“Anyway, we did those songs, and it was the first time I’d ever played to a click track, I don’t play anything without a click track any more, but back then I hadn’t played to a click track before. So I’m up in this big room at Music America, in Rochester, New York, where Metallica recorded their first album, a huge room, great sounding studio; and there’s a camera in front of me, right there between my tom-toms – the big old-style camcorder that you’d carry on your shoulder because after ten minutes it was so heavy! So, as I said, I’ve never played to a click track and so I kept going off it. Then I would hear ‘errrr’ as the tape machine stopped and I’d get [Carl adopts a faux-English accent"> ‘right, let’s try it again, Carl.’ And we do this over and over again. He’s not giving me any direction, and what I’m playing is not The Rods’ approach, and I’m not used to a click track, but I’m trying to stay in time with it. Anyway, after about ten times of ‘errrr’, and I should point out that each time the tape machine was stopped, let’s say ten times, the silence before anyone spoke to me was longer,” he laughs, “and I can’t hear them in the control room until Ashley hits the talkback button. So finally the tape machine stops – ‘errrr’ – and there’s complete silence. And finally I hear [again in the faux-English accent"> ‘right then. We’ll drop in.’ So I’m like, ‘fuck! Punching in a drum track? I’ve never done that in my life!’
“But anyway, taking nothing away from him, ‘Stay On Top’ sounded great, he did a great job producing it, and I’ve not heard that version of ‘Cold Sweat And Blood’ or ‘Stay On Top’ in years. ‘Cold Sweat And Blood’ was on the live album but if you were to listen to our album track and Ashley Howe’s version of the song back-to-back there’s a very different approach: the Ashley Howe version is very subdued. But it certainly wasn’t an unpleasant experience, although I do remember though that because I have always been the one with arrangements and ideas, at one point Ashley Howe actually locked the studio and shut me out! And he was absolutely right to do that; absolutely right. He was working with David and I was just in the way. So, yeah, it was not an unpleasant experience working with him, and personally I learned a couple of things from him, and then we moved on.
“Our manager proceeded to shop those songs to try to get us a deal but it didn’t happen. But I wasn’t surprised. I think he wanted to get a radio hit with The Rods, but that was never going to happen – at that time, us trying to be a Top 40 band and get radio play was really not the approach to try and break the band. So, anyway, that’s what happened and because of that we didn’t get a deal, or, at least, I always thought in my opinion we didn’t get a deal because of that. Ashley Howe did a great job but it wasn’t us. It was stiff, very sterile, and The Rods are anything but sterile. I mean, my daughter calls me Animal – I bark out some sounds rather than count a song off, and that’s not pretty, that’s not neat and tidy, which is what those songs were.”
As Carl pointed out, ‘Cold Sweat And Blood’ would go on to appear on The Rods’ live album, and ‘Love Is Pain’ was re-recorded a few years later for the ‘Hollywood’ record. As for ‘Stay On Top’, by January 1983 Howe was back in the UK producing Uriah Heep’s next album ‘Head First’; and ‘Stay On Top’ was the second single to be taken from it.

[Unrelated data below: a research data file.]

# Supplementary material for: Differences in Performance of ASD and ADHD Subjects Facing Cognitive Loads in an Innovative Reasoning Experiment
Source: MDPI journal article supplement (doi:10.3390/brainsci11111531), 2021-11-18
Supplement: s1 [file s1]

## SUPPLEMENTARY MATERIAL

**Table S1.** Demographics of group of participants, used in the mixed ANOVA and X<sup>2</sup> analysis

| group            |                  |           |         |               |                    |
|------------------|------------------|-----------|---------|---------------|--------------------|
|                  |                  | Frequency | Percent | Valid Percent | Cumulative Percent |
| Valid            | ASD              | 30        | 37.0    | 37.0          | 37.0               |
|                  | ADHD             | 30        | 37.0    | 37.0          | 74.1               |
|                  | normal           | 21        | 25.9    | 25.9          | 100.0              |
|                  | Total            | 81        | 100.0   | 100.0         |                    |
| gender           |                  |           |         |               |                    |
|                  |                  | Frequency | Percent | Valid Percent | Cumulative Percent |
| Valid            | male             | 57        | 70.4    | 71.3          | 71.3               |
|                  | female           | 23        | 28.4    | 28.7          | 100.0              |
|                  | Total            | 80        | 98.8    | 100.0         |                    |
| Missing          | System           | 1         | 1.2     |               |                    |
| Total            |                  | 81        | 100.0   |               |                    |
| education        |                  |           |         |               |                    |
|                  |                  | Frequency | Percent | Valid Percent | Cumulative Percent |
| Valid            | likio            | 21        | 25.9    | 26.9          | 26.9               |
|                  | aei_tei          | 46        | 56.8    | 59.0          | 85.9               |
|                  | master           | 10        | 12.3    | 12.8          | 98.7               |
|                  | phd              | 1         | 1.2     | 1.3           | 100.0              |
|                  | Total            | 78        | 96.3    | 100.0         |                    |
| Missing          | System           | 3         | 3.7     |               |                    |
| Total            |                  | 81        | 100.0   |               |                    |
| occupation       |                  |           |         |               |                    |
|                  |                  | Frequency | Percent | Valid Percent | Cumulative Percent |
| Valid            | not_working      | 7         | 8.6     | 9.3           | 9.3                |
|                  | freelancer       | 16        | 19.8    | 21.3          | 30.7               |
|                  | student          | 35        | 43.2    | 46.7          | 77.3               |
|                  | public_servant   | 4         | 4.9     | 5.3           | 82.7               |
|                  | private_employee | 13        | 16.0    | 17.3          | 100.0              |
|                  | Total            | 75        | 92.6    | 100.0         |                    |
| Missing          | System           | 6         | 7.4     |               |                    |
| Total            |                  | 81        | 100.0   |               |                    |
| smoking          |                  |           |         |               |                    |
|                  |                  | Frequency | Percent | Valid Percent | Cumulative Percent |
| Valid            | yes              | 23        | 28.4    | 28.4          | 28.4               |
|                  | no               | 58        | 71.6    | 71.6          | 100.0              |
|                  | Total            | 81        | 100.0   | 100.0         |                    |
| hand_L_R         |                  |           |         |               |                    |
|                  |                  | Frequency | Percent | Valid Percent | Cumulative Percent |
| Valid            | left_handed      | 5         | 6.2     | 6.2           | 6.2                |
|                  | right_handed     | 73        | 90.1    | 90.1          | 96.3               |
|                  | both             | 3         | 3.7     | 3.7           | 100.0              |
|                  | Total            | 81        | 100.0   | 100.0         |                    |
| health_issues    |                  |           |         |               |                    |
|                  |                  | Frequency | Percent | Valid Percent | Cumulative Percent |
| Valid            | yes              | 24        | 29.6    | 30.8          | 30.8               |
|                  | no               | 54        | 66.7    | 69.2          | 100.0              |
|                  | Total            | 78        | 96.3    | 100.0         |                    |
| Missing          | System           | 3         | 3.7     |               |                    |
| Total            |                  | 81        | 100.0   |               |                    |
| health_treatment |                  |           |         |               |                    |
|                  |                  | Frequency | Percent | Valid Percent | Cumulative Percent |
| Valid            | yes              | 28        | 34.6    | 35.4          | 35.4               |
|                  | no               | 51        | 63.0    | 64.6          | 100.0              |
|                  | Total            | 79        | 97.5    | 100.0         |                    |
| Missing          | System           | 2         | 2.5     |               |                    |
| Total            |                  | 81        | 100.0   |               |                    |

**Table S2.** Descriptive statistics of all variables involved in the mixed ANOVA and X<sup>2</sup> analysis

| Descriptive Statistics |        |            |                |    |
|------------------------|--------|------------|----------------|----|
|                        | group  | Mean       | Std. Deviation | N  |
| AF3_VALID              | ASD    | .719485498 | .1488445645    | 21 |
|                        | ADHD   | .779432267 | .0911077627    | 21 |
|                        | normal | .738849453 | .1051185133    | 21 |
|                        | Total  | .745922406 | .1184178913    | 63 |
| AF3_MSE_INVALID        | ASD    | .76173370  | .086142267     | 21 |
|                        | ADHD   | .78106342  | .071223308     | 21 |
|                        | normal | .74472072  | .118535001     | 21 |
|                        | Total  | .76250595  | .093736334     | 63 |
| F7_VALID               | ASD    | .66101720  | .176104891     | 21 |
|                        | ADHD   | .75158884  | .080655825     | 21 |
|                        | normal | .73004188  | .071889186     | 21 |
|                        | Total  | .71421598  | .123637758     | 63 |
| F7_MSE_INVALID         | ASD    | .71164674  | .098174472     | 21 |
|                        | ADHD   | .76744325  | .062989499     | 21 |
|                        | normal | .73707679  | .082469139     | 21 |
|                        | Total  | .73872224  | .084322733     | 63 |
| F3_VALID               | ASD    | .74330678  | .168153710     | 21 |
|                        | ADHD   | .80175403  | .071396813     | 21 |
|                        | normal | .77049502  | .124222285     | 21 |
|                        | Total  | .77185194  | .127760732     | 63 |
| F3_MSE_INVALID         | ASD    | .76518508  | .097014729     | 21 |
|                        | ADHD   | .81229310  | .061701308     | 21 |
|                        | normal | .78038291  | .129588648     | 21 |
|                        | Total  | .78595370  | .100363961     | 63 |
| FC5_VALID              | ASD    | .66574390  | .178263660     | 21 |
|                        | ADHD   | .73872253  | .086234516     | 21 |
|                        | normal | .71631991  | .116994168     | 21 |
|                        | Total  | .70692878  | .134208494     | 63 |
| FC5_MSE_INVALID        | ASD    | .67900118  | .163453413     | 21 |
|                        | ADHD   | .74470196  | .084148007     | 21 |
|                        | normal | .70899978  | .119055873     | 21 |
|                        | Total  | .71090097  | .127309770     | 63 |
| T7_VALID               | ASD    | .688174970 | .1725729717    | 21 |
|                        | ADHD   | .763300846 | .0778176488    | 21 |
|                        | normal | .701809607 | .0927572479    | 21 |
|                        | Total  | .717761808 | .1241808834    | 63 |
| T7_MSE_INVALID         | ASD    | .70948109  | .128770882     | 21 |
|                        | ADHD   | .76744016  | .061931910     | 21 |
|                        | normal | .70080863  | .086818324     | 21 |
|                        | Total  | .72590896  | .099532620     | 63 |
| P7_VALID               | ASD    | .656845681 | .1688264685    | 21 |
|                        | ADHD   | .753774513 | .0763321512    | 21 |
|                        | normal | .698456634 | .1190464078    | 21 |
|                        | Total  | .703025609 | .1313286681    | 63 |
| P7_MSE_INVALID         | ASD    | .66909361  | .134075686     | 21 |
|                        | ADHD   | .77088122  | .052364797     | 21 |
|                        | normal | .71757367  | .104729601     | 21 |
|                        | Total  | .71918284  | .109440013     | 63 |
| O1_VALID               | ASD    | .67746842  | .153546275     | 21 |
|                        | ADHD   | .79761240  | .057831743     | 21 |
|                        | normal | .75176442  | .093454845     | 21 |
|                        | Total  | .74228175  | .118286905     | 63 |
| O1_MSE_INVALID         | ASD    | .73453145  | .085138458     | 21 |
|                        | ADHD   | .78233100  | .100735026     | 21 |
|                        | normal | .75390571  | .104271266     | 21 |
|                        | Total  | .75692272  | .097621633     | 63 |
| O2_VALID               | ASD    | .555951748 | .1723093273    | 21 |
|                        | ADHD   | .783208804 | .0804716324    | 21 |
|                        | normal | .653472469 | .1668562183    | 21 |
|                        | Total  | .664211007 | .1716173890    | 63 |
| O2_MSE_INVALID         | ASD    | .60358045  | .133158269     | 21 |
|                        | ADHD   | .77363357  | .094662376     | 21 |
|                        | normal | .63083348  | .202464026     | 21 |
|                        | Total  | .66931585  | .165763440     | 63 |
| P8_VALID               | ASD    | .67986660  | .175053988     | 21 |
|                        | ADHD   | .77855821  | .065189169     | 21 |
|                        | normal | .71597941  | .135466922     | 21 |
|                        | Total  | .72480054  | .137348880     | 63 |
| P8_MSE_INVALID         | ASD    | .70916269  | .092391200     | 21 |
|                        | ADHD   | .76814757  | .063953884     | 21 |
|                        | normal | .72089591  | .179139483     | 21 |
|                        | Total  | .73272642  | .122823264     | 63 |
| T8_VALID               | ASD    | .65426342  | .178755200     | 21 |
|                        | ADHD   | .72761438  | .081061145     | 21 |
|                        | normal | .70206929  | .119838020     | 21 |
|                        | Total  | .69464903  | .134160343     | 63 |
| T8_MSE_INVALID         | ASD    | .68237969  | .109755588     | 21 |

Meanwhile, in one massive weekend session The Rods recorded seventeen songs pretty much live in the studio, from which came their next album. ‘In The Raw’ started life as a mammoth demo session from which ten songs were mixed and then sold to US independent label Shrapnel, owned by Mike Varney. The session reunited The Rods’ ‘Dream Team’ once again, the same line-up that had recorded ‘Rock Hard’ and ‘The Rods’ with David and Carl producing and Chris ‘Dr Metal’ Bubacz engineering, something that had slipped Carl’s mind. “That’s actually a great point. I didn’t think of it that way, but that was what I’d wanted to be our ‘Wild Dogs’ team so you’re right. I never thought about it, but we came back to the same ‘guerrilla warfare’ team that we started with – just us going in and doing what we did best. And that’s probably why it was a better, or a more accessible album, than ‘Wild Dogs’. I didn’t recognise it at the time because it was a demo, I didn’t realise at the time that it was as good a representation of the band that you could get back then. And it has stood the test of time, so I look at it a little bit differently now. I used to regard it as ‘we should have been in the studio with a really good producer doing that album,’ but fans really like that and I now agree with them.”
David had mentioned in a Kerrang! feature that after touring with Judas Priest they’d written seventeen new songs. “A friend of ours who owns a studio [Barrett Alley"> in Rochester, New York, invited us to come over for the weekend. It wasn’t supposed to be a working weekend, just, you know, a partying time. But we went into his studio and over two days managed to record all seventeen numbers,” which is a pretty astonishing work rate.
“Well, don’t forget that at the time we were full-time musicians so we got together every day,” says David. “We rehearsed every day; when we wrote a new song we rehearsed it, we knew the material, we played it live, so it was remarkably easy for us to do that because it was just kind of like playing a show. In the beginning, before technology got so crazy, bands would go into the studio and just play. Microphones would be set up and the bands would just play together to record the basic tracks, so it was easy for us to do that. And as we never had much money for studio time we had to do as much as we could in what little time we could afford so we became very good at doing that. But this was our job, this was our full-time responsibility, so for us there was nothing else in our way, really.”